689 Chieftain Expl. Co. v. Gastar Expl. Inc., No. 10-15-00037-CV, 2017 WL 3860357 (Tex. App.—Waco Aug. 30, 2017, no pet. h.)

Tuesday, August 7th, 2018

Richard F. Brown

The following is not a legal opinion. You should consult your attorney if the case may be of significance to you.

Chieftain Expl. Co. v. Gastar Expl. Inc., No. 10-15-00037-CV, 2017 WL 3860357 (Tex. App.—Waco Aug. 30, 2017, no pet. h.), rule 53.7(f) motion granted (Dec. 20, 2017) (mem. op.) held that an owner of a NPRI was not entitled to share in pooled unit royalty, because the lease subject to the NPRI was not pooled based on the plain language in the applicable lease pooling clause and unit designation. Lone Oak owned an undivided mineral interest in 3,466 acres, including 56 acres in Tract 17. Chieftain acquired an NPRI burdening the Lone Oak mineral estate. Lone Oak leased, apparently to Gastar (although the opinion does not expressly identify the lessee). The lease provided that the lessee “may pool all or any portion of the leased premises comprising at least 50 percent of the unit.” Gastar, et al., formed the Streater Gas Unit. The Unit encompassed 702.3 acres, including the 56 acres in Tract 17, and the Unit Designation specifically listed the 56 leases included in the Unit. However, the Lone Oak lease was not listed among the 56 leases included in the Streater Unit Designation. Chieftain sued Gastar for royalties owed on its NPRI that burdened the Lone Oak lease, claiming that the lease was included in the Unit.

“Oil and gas leases in general, and pooling clauses in particular, are a matter of contract.” To pool a lease, a lessee needs the lessor’s consent, and must follow the method agreed upon. Here, the pooling clause in the lease required the leased premises to comprise at least 50 percent of the unit. The Lone Oak lease covered only 56 acres in the Streater Gas Unit, which consisted of over 700 acres. Accordingly, the lease could not be pooled into the unit based on the terms of the lease. “Had it been pooled, the pooling agreement, in this case the Unit Designation, would have been invalid and unenforceable.” Further, “the [l]ease was not listed as being one of the 56 leases included within [the Unit].”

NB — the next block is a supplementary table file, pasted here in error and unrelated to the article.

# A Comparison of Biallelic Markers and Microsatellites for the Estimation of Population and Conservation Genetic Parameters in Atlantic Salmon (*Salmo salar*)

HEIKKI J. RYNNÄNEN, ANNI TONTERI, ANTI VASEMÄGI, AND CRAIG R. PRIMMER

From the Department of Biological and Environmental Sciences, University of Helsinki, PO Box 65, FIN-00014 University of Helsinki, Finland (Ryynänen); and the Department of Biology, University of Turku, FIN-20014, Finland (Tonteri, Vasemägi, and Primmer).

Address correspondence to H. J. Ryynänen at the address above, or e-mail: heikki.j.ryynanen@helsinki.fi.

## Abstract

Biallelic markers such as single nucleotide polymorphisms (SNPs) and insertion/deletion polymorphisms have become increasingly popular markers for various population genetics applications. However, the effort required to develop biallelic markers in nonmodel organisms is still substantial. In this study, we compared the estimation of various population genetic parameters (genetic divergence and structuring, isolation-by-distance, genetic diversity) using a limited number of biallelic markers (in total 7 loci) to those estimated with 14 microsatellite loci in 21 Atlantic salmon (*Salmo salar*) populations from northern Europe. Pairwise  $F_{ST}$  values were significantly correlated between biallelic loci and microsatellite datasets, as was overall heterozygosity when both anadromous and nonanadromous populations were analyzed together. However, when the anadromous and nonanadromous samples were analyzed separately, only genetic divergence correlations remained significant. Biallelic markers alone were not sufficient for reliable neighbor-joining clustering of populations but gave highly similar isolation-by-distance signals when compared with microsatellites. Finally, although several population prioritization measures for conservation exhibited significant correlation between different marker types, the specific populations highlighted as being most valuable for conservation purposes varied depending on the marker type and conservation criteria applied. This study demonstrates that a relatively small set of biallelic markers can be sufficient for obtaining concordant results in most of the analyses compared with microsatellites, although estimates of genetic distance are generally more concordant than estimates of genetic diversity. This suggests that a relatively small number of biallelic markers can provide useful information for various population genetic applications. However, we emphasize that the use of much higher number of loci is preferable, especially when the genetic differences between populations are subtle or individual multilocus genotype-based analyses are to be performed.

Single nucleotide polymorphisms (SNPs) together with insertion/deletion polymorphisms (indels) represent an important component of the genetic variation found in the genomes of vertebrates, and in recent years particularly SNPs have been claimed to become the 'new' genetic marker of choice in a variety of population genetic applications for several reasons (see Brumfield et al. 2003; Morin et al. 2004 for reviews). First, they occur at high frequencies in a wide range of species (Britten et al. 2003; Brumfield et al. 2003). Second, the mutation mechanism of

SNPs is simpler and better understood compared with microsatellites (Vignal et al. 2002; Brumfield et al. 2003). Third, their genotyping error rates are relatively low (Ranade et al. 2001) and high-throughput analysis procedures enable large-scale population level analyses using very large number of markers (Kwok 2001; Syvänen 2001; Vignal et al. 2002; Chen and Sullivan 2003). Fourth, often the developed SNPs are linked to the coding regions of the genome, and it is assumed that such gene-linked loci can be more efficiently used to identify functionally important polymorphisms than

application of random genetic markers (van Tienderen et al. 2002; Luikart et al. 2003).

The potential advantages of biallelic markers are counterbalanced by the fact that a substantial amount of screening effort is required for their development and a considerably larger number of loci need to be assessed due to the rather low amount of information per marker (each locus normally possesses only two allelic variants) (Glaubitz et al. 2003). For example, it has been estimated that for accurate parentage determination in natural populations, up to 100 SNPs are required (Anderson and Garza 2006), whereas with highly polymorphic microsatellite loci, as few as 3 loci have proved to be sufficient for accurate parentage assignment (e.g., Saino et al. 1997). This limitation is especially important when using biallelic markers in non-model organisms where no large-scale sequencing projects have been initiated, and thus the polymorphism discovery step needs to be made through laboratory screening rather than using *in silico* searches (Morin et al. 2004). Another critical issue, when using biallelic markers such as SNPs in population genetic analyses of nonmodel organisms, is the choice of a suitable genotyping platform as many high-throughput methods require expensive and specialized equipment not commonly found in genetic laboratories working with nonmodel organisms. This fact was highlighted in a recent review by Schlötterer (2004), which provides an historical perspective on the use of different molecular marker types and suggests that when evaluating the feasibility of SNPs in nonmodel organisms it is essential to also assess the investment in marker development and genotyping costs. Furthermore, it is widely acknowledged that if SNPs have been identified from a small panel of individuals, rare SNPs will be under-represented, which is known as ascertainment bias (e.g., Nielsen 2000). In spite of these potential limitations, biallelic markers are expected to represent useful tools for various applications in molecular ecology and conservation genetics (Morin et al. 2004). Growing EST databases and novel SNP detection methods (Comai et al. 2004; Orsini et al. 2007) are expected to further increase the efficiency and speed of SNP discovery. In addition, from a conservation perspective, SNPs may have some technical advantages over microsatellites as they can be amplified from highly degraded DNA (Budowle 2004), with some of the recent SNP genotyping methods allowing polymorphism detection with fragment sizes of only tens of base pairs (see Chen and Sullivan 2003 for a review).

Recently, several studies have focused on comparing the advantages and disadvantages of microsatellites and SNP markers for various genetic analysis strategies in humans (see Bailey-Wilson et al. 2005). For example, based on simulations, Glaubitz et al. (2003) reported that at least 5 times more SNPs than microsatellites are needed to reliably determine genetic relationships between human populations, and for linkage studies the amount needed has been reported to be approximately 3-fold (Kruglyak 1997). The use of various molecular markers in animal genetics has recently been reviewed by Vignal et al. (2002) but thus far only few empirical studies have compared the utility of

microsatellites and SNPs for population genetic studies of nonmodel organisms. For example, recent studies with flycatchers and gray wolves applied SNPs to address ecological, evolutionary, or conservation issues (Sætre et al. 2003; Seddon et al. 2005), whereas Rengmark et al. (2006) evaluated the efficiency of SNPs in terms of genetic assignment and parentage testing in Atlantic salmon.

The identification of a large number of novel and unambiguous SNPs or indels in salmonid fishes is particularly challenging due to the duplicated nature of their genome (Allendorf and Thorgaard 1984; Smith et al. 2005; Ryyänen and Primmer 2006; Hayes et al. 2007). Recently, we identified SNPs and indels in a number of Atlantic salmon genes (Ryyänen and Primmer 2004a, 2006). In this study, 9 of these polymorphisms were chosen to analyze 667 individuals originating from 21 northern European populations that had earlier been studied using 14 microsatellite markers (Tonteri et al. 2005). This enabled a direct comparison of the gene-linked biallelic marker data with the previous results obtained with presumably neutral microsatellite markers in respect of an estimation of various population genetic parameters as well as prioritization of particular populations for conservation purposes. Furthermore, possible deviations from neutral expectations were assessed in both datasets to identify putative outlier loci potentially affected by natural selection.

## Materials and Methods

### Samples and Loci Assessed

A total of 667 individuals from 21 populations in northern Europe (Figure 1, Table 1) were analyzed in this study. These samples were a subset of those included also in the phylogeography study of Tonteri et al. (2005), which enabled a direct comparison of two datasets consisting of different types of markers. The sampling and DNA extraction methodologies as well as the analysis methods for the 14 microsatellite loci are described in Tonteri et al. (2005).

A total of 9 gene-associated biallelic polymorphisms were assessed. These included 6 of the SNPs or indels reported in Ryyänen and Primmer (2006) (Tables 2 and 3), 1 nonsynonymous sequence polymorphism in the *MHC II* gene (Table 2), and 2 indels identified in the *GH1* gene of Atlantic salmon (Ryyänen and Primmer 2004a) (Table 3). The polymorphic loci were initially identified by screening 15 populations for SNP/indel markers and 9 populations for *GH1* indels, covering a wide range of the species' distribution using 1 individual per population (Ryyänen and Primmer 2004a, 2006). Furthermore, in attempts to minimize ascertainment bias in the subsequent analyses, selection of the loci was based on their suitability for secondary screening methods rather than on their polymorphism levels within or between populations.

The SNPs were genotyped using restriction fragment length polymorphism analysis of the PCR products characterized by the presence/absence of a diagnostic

Chieftain also argued the Unit Designation pooled lands as well as leases, relying upon Wagner & Brown, Ltd. v. Sheppard and Ladd Petroleum Corp. v. Eagle Oil & Gas Co. “In both Wagner and Ladd, the courts determined that because of language included in the leases and in the pooling agreements, the pooled units at issue did not terminate when a lease pooled in the unit expired or was released.” The courts reasoned that the lands described in the leases were pooled. However, the Lone Oak lease was never pooled, so the court determined the fact situation was different here. Further, the court found that while the lease permitted pooling the leases with lands, the Unit Designation provided that the “[l]eases, insofar and only insofar as the leases cover the lands described and delineated on Exhibits ‘B’ and ‘C’ attached . . ., are hereby combined, unitized, and/or pooled into a single, consolidated pooled unit.” “The ‘in so far as’ language acts to limit the portion of the leases included in the Unit.” Thus, the lands the pooled leases covered were not pooled, only the leases. The Lone Oak Lease was not listed and not pooled.

The court expressly did not address the duty the executive owner could owe to Chieftain, nor did it address who might share in the royalties attributable to the unpooled 56 acres included in the unit area.

The significance of this case is that lease pooling clauses and unit designations are enforced strictly in accordance with their terms. Here, the language used in the pooling provisions of the Lone Oak lease and the Unit Designation resulted in neither lease nor lands being pooled.